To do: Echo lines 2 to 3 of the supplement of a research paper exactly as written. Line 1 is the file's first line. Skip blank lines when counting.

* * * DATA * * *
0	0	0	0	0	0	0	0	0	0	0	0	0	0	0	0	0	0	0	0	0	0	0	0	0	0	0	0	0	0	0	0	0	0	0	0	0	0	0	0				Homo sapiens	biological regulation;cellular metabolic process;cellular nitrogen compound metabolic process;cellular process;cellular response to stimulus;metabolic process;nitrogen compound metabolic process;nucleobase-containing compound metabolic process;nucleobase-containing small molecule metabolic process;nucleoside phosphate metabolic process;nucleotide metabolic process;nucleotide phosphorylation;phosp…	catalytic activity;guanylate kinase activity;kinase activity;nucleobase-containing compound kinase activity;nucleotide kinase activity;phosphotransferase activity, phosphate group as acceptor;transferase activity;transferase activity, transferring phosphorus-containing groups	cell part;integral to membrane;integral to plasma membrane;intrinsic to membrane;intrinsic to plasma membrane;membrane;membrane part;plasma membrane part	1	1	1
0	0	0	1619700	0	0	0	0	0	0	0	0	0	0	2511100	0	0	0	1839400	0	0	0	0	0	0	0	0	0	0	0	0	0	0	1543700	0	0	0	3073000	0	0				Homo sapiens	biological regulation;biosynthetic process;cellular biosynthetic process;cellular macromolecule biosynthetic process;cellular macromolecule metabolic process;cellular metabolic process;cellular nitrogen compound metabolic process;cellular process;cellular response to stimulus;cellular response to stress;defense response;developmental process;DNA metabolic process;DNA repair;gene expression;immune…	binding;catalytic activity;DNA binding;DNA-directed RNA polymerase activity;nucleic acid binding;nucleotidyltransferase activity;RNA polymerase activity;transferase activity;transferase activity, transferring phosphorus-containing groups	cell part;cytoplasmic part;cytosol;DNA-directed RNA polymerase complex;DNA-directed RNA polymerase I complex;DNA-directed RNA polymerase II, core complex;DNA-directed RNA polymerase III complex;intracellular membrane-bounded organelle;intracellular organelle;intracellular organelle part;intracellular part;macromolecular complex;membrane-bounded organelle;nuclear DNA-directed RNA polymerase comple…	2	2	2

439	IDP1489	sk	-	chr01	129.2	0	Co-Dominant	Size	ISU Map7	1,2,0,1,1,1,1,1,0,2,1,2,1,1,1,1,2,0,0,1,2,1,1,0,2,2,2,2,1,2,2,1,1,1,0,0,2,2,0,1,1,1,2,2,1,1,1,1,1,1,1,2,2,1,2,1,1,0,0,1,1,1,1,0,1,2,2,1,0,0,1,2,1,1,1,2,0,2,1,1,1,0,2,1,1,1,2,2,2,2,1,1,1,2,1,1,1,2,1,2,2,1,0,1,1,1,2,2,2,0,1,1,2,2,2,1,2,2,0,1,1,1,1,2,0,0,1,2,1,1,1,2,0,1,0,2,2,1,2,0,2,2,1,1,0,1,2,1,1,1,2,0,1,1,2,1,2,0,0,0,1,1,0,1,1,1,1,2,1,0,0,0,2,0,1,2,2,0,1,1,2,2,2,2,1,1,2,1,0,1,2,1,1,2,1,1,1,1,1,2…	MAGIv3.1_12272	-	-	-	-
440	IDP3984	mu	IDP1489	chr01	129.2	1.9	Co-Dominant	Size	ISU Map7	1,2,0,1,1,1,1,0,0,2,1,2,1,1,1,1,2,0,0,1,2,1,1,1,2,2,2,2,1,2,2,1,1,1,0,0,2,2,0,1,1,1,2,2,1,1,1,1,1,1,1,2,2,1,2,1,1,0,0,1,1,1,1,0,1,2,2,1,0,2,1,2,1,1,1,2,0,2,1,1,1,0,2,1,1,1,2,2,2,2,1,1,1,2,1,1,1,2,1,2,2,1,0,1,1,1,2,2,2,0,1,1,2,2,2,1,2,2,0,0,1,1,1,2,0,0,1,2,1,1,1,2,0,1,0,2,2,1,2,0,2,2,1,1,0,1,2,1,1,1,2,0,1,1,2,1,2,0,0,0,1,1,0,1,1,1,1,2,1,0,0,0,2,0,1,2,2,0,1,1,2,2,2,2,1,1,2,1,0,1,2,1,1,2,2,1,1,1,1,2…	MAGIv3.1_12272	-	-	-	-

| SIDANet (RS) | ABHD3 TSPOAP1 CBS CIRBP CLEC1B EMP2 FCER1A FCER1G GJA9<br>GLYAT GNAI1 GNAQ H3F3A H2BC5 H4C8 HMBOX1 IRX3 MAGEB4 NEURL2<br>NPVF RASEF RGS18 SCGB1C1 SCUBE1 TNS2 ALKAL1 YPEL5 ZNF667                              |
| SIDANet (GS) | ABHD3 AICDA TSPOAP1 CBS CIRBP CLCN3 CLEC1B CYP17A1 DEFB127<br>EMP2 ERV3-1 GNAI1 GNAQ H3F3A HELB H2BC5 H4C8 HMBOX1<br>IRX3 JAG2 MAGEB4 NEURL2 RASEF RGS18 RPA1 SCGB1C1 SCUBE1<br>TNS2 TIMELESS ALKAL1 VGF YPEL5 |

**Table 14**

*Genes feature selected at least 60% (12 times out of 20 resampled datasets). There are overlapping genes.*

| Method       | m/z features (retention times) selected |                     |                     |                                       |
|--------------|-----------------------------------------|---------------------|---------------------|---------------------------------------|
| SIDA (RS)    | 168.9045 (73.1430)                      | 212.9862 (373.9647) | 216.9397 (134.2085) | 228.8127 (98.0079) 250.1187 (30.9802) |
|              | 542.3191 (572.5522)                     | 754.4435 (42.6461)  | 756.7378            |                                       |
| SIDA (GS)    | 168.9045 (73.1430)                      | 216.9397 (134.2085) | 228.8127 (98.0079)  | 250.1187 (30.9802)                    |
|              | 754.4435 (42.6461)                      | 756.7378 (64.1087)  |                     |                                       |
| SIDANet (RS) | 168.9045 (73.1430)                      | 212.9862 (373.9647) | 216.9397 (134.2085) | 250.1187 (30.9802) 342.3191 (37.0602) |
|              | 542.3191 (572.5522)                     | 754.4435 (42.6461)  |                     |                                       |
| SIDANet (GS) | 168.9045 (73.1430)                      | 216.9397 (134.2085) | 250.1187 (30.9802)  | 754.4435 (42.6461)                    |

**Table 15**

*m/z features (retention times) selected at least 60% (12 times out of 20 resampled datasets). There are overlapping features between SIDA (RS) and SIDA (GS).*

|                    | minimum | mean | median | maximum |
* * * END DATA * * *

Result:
0	0	0	1619700	0	0	0	0	0	0	0	0	0	0	2511100	0	0	0	1839400	0	0	0	0	0	0	0	0	0	0	0	0	0	0	1543700	0	0	0	3073000	0	0				Homo sapiens	biological regulation;biosynthetic process;cellular biosynthetic process;cellular macromolecule biosynthetic process;cellular macromolecule metabolic process;cellular metabolic process;cellular nitrogen compound metabolic process;cellular process;cellular response to stimulus;cellular response to stress;defense response;developmental process;DNA metabolic process;DNA repair;gene expression;immune…	binding;catalytic activity;DNA binding;DNA-directed RNA polymerase activity;nucleic acid binding;nucleotidyltransferase activity;RNA polymerase activity;transferase activity;transferase activity, transferring phosphorus-containing groups	cell part;cytoplasmic part;cytosol;DNA-directed RNA polymerase complex;DNA-directed RNA polymerase I complex;DNA-directed RNA polymerase II, core complex;DNA-directed RNA polymerase III complex;intracellular membrane-bounded organelle;intracellular organelle;intracellular organelle part;intracellular part;macromolecular complex;membrane-bounded organelle;nuclear DNA-directed RNA polymerase comple…	2	2	2

439	IDP1489	sk	-	chr01	129.2	0	Co-Dominant	Size	ISU Map7	1,2,0,1,1,1,1,1,0,2,1,2,1,1,1,1,2,0,0,1,2,1,1,0,2,2,2,2,1,2,2,1,1,1,0,0,2,2,0,1,1,1,2,2,1,1,1,1,1,1,1,2,2,1,2,1,1,0,0,1,1,1,1,0,1,2,2,1,0,0,1,2,1,1,1,2,0,2,1,1,1,0,2,1,1,1,2,2,2,2,1,1,1,2,1,1,1,2,1,2,2,1,0,1,1,1,2,2,2,0,1,1,2,2,2,1,2,2,0,1,1,1,1,2,0,0,1,2,1,1,1,2,0,1,0,2,2,1,2,0,2,2,1,1,0,1,2,1,1,1,2,0,1,1,2,1,2,0,0,0,1,1,0,1,1,1,1,2,1,0,0,0,2,0,1,2,2,0,1,1,2,2,2,2,1,1,2,1,0,1,2,1,1,2,1,1,1,1,1,2…	MAGIv3.1_12272	-	-	-	-